NumberESp-valueFDRNumberESp-valueFDR
Arginine and Proline Metabolism17 (49)−0.3800.1114 (52)−0.310.530.94
Ascorbate and Aldarate Metabolism11 (18)−0.6100.188 (16)−0.610.211.00
Histidine Metabolism12 (27)−0.4200.135 (28)−0.240.880.97
Nicotinate and Nicotinamide Metabolism8 (21)−0.3300.157 (22)−0.280.830.99
Pentose and Glucuronate Interconversions7 (20)−0.5400.178 (18)−0.630.141.00
Pentose Phosphate Pathway9 (25)−0.3600.1018 (26)−0.200.970.98
Phenylalanine Metabolism10 (18)−0.4900.126 (18)−0.400.500.99
Retinol Metabolism17 (48)−0.4800.1020 (54)−0.420.590.98
Starch and Sucrose Metabolism13 (41)−0.4100.108 (43)−0.380.470.97
Tyrosine Metabolism14 (38)−0.5200.1013 (42)−0.400.400.99
Butanoate Metabolism10 (30)−0.410.090.138 (34)−0.390.290.95
Glycine Serine and Threonine Metabolism12 (29)−0.400.100.184 (31)−0.310.761.00
Tryptophan Metabolism15 (37)−0.340.100.308 (39)−0.270.810.97
Valine Leucine and Isoleucine Degradation20 (44)−0.310.300.3312 (44)−0.350.310.99
Amino Sugar and Nucleotide Sugar Metabolism14 (43)−0.220.310.4218 (44)−0.330.400.99
Note: Number: number of genes contributing to the leading-edge subset within the gene set (number of genes in the gene set after filtering out these genes not in the expression dataset); ES: enrichment score; p-value: nominal p-value not adjusted for gene set size or multiple hypothesis testing; a p-value of zero (0) indicates an actual p-value of less than 0.001; and FDR: false discovery rate.
Table 3. Upregulated gene sets in lipid metabolism in the LASCPC-01 cell line and SCNC patients.
Table 3. Upregulated gene sets in lipid metabolism in the LASCPC-01 cell line and SCNC patients.
Gene SetsLASCPC-01SCNC
NumberESp-valueFDRNumberESp-valueFDR
Glycerolipid Metabolism7 (39)0.3400.305 (43)0.270.681.00
Glycerophospholipid Metabolism20 (67)0.3800.319 (70)0.250.731.00
Glycosphingolipid Biosynthesis Lacto and Neolacto Series9 (24)0.5300.1911 (25)0.390.411.00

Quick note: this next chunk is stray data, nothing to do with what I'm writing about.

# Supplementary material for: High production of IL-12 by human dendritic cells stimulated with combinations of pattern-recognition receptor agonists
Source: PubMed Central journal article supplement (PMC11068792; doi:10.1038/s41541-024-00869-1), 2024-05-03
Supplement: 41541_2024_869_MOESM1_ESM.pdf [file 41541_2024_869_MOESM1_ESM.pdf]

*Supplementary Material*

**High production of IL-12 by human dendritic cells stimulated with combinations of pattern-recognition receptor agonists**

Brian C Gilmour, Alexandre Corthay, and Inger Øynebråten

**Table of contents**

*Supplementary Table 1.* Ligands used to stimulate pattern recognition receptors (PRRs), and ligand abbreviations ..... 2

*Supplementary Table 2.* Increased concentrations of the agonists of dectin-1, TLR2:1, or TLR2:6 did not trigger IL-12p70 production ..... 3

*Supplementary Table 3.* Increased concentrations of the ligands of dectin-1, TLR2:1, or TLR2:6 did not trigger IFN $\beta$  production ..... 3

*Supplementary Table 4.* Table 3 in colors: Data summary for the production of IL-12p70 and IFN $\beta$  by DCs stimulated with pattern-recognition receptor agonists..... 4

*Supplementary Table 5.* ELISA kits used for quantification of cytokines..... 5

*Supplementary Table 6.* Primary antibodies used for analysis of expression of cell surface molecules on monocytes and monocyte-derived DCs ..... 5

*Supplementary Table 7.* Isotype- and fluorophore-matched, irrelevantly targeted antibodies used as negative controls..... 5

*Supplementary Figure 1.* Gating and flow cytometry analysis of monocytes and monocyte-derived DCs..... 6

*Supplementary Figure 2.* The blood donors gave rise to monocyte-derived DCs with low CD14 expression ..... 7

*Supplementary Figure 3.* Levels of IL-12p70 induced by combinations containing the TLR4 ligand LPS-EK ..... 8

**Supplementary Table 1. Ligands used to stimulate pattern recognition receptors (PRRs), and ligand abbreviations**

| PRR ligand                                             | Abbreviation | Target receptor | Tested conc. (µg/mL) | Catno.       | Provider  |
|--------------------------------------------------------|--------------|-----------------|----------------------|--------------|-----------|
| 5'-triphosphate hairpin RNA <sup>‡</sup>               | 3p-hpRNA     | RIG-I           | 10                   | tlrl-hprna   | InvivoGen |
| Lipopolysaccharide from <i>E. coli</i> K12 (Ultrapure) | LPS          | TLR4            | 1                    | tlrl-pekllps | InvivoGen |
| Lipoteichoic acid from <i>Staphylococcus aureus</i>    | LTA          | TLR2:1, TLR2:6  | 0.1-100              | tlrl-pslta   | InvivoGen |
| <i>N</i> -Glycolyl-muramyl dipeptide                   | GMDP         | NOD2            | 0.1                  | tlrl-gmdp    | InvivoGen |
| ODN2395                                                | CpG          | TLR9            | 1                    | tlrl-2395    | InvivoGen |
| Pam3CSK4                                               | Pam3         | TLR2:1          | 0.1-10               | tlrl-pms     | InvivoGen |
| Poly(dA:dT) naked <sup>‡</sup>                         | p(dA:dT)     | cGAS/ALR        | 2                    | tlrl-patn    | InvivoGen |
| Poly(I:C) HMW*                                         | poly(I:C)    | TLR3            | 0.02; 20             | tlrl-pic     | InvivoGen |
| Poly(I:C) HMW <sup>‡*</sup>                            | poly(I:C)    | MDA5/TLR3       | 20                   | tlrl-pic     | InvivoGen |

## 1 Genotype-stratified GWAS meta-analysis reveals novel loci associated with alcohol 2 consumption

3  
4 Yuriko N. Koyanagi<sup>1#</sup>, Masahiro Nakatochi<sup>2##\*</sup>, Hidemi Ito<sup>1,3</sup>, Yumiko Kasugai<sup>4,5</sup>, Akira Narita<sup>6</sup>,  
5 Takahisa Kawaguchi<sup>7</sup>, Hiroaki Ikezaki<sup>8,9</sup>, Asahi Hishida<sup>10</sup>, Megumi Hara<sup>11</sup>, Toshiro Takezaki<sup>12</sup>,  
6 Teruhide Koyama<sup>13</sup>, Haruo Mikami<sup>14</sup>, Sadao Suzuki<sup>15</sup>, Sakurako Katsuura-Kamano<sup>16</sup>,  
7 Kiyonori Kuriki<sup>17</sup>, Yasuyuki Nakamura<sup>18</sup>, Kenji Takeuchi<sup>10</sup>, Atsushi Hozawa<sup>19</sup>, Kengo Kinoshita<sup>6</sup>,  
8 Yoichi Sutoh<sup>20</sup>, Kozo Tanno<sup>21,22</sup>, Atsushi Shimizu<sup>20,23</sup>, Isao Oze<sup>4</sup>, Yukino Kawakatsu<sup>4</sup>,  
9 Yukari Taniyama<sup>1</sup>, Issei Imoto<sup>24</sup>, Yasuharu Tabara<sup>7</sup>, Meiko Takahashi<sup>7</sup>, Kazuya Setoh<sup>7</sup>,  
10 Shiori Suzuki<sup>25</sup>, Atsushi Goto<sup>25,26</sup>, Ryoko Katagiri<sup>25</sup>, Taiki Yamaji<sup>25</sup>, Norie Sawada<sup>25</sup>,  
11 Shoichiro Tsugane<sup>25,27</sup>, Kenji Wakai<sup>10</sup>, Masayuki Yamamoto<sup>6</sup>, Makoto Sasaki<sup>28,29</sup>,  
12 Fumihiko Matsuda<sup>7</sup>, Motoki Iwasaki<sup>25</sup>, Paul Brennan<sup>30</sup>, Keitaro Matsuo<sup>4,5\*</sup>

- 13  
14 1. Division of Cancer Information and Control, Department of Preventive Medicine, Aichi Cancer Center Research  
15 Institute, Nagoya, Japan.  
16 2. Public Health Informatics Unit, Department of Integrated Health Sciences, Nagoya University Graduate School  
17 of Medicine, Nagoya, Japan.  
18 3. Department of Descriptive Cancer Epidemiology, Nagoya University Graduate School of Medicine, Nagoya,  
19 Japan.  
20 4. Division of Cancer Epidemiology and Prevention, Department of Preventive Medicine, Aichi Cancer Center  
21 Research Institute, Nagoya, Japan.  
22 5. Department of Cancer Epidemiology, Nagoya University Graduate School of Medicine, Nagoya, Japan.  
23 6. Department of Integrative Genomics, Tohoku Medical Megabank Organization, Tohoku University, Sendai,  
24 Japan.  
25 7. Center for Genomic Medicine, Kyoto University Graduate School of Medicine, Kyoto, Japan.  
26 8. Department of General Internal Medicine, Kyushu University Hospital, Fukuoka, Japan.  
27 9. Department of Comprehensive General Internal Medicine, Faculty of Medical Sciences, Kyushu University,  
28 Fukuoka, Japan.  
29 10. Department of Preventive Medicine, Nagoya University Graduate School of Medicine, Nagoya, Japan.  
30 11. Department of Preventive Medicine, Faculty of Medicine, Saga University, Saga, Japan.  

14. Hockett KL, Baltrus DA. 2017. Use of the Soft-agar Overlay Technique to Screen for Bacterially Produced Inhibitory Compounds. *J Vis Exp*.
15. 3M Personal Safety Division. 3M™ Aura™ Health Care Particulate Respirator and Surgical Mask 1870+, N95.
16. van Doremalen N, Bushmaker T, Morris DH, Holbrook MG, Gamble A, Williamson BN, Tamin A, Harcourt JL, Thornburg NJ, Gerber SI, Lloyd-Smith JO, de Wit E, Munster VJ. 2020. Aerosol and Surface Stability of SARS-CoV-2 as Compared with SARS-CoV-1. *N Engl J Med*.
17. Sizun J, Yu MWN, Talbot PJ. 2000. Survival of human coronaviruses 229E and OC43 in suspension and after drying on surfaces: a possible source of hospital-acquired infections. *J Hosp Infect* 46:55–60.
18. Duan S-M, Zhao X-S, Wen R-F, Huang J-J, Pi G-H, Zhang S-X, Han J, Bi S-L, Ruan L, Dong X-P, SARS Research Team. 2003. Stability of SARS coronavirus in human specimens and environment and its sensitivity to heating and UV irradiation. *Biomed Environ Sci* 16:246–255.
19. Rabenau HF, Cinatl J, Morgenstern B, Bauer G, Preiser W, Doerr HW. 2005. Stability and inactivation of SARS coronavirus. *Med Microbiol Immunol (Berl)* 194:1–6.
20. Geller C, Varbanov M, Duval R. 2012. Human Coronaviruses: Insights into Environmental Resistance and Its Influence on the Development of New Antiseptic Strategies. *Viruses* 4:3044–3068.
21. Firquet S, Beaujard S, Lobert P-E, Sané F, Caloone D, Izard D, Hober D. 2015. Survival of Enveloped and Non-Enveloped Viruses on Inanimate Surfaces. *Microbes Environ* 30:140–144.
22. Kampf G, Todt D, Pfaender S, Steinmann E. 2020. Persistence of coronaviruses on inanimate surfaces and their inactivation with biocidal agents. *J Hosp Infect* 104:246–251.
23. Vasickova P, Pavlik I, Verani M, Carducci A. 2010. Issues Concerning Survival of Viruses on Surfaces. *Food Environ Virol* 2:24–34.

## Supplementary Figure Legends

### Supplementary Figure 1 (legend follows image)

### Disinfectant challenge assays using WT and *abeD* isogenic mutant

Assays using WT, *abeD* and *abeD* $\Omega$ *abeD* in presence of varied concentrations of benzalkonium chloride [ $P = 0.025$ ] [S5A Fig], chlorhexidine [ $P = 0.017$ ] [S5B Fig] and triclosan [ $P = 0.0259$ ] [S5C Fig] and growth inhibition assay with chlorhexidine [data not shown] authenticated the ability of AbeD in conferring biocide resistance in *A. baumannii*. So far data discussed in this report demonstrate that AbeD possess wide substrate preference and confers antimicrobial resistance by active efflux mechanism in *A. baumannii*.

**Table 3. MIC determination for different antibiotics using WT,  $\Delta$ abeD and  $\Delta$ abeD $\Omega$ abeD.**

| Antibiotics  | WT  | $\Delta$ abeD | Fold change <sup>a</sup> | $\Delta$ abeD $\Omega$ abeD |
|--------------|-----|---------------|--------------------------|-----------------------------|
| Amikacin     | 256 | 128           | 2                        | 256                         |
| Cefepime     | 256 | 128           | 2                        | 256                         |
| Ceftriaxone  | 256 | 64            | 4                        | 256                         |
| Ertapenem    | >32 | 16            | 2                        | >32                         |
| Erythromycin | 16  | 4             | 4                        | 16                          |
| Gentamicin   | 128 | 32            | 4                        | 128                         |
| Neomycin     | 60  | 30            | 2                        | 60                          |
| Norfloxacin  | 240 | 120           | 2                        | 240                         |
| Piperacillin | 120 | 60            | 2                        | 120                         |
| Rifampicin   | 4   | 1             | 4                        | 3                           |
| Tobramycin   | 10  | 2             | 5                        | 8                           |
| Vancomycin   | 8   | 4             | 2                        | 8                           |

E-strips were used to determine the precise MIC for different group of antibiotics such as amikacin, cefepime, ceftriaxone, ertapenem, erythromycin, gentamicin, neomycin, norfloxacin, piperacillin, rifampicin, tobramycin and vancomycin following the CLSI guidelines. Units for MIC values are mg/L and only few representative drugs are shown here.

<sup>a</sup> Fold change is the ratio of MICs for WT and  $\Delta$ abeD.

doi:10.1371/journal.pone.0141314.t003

Ether Lipid Metabolism7 (26)0.310.190.309 (29)0.370.391.00
Note: Number: number of genes contributing to the leading-edge subset within the gene set (number of genes in the gene set after filtering out these genes not in the expression dataset); ES: enrichment score; p-value: nominal p-value not adjusted for gene set size or multiple hypothesis testing; a p-value of zero (0) indicates an actual p-value of less than 0.001; and FDR: false discovery rate.
Table 4. Upregulated gene sets in lipid metabolism in the LNCAP cell line and prostate adenocarcinoma patients.
Table 4. Upregulated gene sets in lipid metabolism in the LNCAP cell line and prostate adenocarcinoma patients.
Gene SetsLNCAPProstate Adenocarcinoma
NumberESp-valueFDRNumberESp-valueFDR
Alpha Linolenic Acid Metabolism5 (15)−0.4600.136 (18)−0.340.700.96
Arachidonic Acid Metabolism21 (47)−0.4300.1024 (57)−0.370.430.96
Biosynthesis of Unsaturated Fatty Acids11 (20)−0.4800.102 (20)−0.270.770.98
Glycosphingolipid Biosynthesis Ganglio Series6 (15)−0.4700.259 (15)−0.310.771.00
Linoleic Acid Metabolism14 (25)−0.5400.108 (28)−0.320.790.96
Glycosylphosphatidylinositol Gpi Anchor Biosynthesis12 (24)−0.260.290.4613 (25)−0.340.360.93
Fatty Acid Metabolism18 (39)−0.310.290.1916 (42)−0.450.201.00
Sphingolipid Metabolism5 (33)−0.250.480.5110 (36)−0.320.390.98
Note: Number: number of genes contributing to the leading-edge subset within the gene set (number of genes in the gene set after filtering out these genes not in the expression dataset); ES: enrichment score; p-value: nominal p-value not adjusted for gene set size or multiple hypothesis testing; a p-value of zero (0) indicates an actual p-value of less than 0.001; and FDR: false discovery rate.